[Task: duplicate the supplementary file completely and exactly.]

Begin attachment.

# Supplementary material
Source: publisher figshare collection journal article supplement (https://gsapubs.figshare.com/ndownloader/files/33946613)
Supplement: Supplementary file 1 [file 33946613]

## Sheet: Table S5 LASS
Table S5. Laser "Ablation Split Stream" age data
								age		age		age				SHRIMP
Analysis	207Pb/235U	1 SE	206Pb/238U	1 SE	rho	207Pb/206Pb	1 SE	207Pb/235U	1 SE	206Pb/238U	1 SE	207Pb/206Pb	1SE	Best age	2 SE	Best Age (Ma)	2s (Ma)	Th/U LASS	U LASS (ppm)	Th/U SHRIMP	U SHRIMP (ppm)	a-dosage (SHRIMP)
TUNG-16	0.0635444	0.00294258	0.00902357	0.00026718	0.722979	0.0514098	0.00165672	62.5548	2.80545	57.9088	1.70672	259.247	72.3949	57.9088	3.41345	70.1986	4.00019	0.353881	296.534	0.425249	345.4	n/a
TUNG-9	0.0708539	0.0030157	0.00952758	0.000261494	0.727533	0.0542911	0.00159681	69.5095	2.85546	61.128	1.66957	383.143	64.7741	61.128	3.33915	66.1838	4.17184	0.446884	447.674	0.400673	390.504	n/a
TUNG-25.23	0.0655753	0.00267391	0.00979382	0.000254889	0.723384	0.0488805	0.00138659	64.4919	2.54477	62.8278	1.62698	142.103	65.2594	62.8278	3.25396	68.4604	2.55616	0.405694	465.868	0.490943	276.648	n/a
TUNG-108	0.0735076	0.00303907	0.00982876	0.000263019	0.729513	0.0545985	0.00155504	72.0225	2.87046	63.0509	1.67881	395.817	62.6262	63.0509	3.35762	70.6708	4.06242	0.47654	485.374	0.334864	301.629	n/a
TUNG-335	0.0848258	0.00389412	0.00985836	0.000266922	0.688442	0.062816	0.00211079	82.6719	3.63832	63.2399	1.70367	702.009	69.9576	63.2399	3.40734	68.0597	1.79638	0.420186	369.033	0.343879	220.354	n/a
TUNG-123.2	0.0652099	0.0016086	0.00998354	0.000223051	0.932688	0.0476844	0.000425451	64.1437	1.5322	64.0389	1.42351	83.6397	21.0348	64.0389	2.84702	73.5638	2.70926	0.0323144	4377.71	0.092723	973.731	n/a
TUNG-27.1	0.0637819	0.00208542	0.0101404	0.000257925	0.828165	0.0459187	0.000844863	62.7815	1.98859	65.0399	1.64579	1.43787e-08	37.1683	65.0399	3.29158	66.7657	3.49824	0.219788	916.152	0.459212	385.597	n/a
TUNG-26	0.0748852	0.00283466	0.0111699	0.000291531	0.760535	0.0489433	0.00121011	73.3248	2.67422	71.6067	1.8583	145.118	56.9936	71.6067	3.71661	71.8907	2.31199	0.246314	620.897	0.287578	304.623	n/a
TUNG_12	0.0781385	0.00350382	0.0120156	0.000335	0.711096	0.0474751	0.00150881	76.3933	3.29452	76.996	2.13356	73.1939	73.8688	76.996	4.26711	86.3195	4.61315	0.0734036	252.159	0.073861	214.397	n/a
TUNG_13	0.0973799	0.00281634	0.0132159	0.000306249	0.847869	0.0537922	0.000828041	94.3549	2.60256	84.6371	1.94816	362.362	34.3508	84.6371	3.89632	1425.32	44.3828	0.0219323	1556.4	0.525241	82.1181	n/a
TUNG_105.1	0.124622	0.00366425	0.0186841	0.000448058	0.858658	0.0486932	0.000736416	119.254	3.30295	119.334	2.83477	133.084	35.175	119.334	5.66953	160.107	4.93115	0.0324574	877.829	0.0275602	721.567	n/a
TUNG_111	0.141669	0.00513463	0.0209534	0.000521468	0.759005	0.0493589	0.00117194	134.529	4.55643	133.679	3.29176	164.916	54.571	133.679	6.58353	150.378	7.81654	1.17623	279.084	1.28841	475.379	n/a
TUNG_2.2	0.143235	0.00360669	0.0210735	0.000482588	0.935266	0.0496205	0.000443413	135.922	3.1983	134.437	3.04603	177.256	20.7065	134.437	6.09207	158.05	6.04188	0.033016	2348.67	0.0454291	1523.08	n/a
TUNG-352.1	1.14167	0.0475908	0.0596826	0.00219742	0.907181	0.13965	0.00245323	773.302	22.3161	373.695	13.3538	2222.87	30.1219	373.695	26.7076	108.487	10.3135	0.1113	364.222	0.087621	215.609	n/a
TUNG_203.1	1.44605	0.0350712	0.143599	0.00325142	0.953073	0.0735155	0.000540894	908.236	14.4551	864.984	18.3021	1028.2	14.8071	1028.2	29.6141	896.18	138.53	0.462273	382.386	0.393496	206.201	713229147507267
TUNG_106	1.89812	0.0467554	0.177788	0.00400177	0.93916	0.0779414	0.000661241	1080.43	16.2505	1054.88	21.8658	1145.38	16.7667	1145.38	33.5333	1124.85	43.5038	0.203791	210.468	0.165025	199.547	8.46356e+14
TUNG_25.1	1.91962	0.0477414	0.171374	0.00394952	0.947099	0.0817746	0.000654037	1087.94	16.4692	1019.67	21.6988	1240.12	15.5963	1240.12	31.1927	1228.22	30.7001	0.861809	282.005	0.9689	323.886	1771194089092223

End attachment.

# Supplementary material
Source: publisher figshare collection journal article supplement (https://gsapubs.figshare.com/ndownloader/files/33946613)
Supplement: Supplementary file 1 [file 33946613]

## Sheet: Table S5 LASS
Table S5. Laser "Ablation Split Stream" age data
								age		age		age				SHRIMP
Analysis	207Pb/235U	1 SE	206Pb/238U	1 SE	rho	207Pb/206Pb	1 SE	207Pb/235U	1 SE	206Pb/238U	1 SE	207Pb/206Pb	1SE	Best age	2 SE	Best Age (Ma)	2s (Ma)	Th/U LASS	U LASS (ppm)	Th/U SHRIMP	U SHRIMP (ppm)	a-dosage (SHRIMP)
TUNG-16	0.0635444	0.00294258	0.00902357	0.00026718	0.722979	0.0514098	0.00165672	62.5548	2.80545	57.9088	1.70672	259.247	72.3949	57.9088	3.41345	70.1986	4.00019	0.353881	296.534	0.425249	345.4	n/a
TUNG-9	0.0708539	0.0030157	0.00952758	0.000261494	0.727533	0.0542911	0.00159681	69.5095	2.85546	61.128	1.66957	383.143	64.7741	61.128	3.33915	66.1838	4.17184	0.446884	447.674	0.400673	390.504	n/a
TUNG-25.23	0.0655753	0.00267391	0.00979382	0.000254889	0.723384	0.0488805	0.00138659	64.4919	2.54477	62.8278	1.62698	142.103	65.2594	62.8278	3.25396	68.4604	2.55616	0.405694	465.868	0.490943	276.648	n/a
TUNG-108	0.0735076	0.00303907	0.00982876	0.000263019	0.729513	0.0545985	0.00155504	72.0225	2.87046	63.0509	1.67881	395.817	62.6262	63.0509	3.35762	70.6708	4.06242	0.47654	485.374	0.334864	301.629	n/a
TUNG-335	0.0848258	0.00389412	0.00985836	0.000266922	0.688442	0.062816	0.00211079	82.6719	3.63832	63.2399	1.70367	702.009	69.9576	63.2399	3.40734	68.0597	1.79638	0.420186	369.033	0.343879	220.354	n/a
TUNG-123.2	0.0652099	0.0016086	0.00998354	0.000223051	0.932688	0.0476844	0.000425451	64.1437	1.5322	64.0389	1.42351	83.6397	21.0348	64.0389	2.84702	73.5638	2.70926	0.0323144	4377.71	0.092723	973.731	n/a
TUNG-27.1	0.0637819	0.00208542	0.0101404	0.000257925	0.828165	0.0459187	0.000844863	62.7815	1.98859	65.0399	1.64579	1.43787e-08	37.1683	65.0399	3.29158	66.7657	3.49824	0.219788	916.152	0.459212	385.597	n/a
TUNG-26	0.0748852	0.00283466	0.0111699	0.000291531	0.760535	0.0489433	0.00121011	73.3248	2.67422	71.6067	1.8583	145.118	56.9936	71.6067	3.71661	71.8907	2.31199	0.246314	620.897	0.287578	304.623	n/a
TUNG_12	0.0781385	0.00350382	0.0120156	0.000335	0.711096	0.0474751	0.00150881	76.3933	3.29452	76.996	2.13356	73.1939	73.8688	76.996	4.26711	86.3195	4.61315	0.0734036	252.159	0.073861	214.397	n/a
TUNG_13	0.0973799	0.00281634	0.0132159	0.000306249	0.847869	0.0537922	0.000828041	94.3549	2.60256	84.6371	1.94816	362.362	34.3508	84.6371	3.89632	1425.32	44.3828	0.0219323	1556.4	0.525241	82.1181	n/a
TUNG_105.1	0.124622	0.00366425	0.0186841	0.000448058	0.858658	0.0486932	0.000736416	119.254	3.30295	119.334	2.83477	133.084	35.175	119.334	5.66953	160.107	4.93115	0.0324574	877.829	0.0275602	721.567	n/a
TUNG_111	0.141669	0.00513463	0.0209534	0.000521468	0.759005	0.0493589	0.00117194	134.529	4.55643	133.679	3.29176	164.916	54.571	133.679	6.58353	150.378	7.81654	1.17623	279.084	1.28841	475.379	n/a
TUNG_2.2	0.143235	0.00360669	0.0210735	0.000482588	0.935266	0.0496205	0.000443413	135.922	3.1983	134.437	3.04603	177.256	20.7065	134.437	6.09207	158.05	6.04188	0.033016	2348.67	0.0454291	1523.08	n/a
TUNG-352.1	1.14167	0.0475908	0.0596826	0.00219742	0.907181	0.13965	0.00245323	773.302	22.3161	373.695	13.3538	2222.87	30.1219	373.695	26.7076	108.487	10.3135	0.1113	364.222	0.087621	215.609	n/a
TUNG_203.1	1.44605	0.0350712	0.143599	0.00325142	0.953073	0.0735155	0.000540894	908.236	14.4551	864.984	18.3021	1028.2	14.8071	1028.2	29.6141	896.18	138.53	0.462273	382.386	0.393496	206.201	713229147507267
TUNG_106	1.89812	0.0467554	0.177788	0.00400177	0.93916	0.0779414	0.000661241	1080.43	16.2505	1054.88	21.8658	1145.38	16.7667	1145.38	33.5333	1124.85	43.5038	0.203791	210.468	0.165025	199.547	8.46356e+14
TUNG_25.1	1.91962	0.0477414	0.171374	0.00394952	0.947099	0.0817746	0.000654037	1087.94	16.4692	1019.67	21.6988	1240.12	15.5963	1240.12	31.1927	1228.22	30.7001	0.861809	282.005	0.9689	323.886	1771194089092223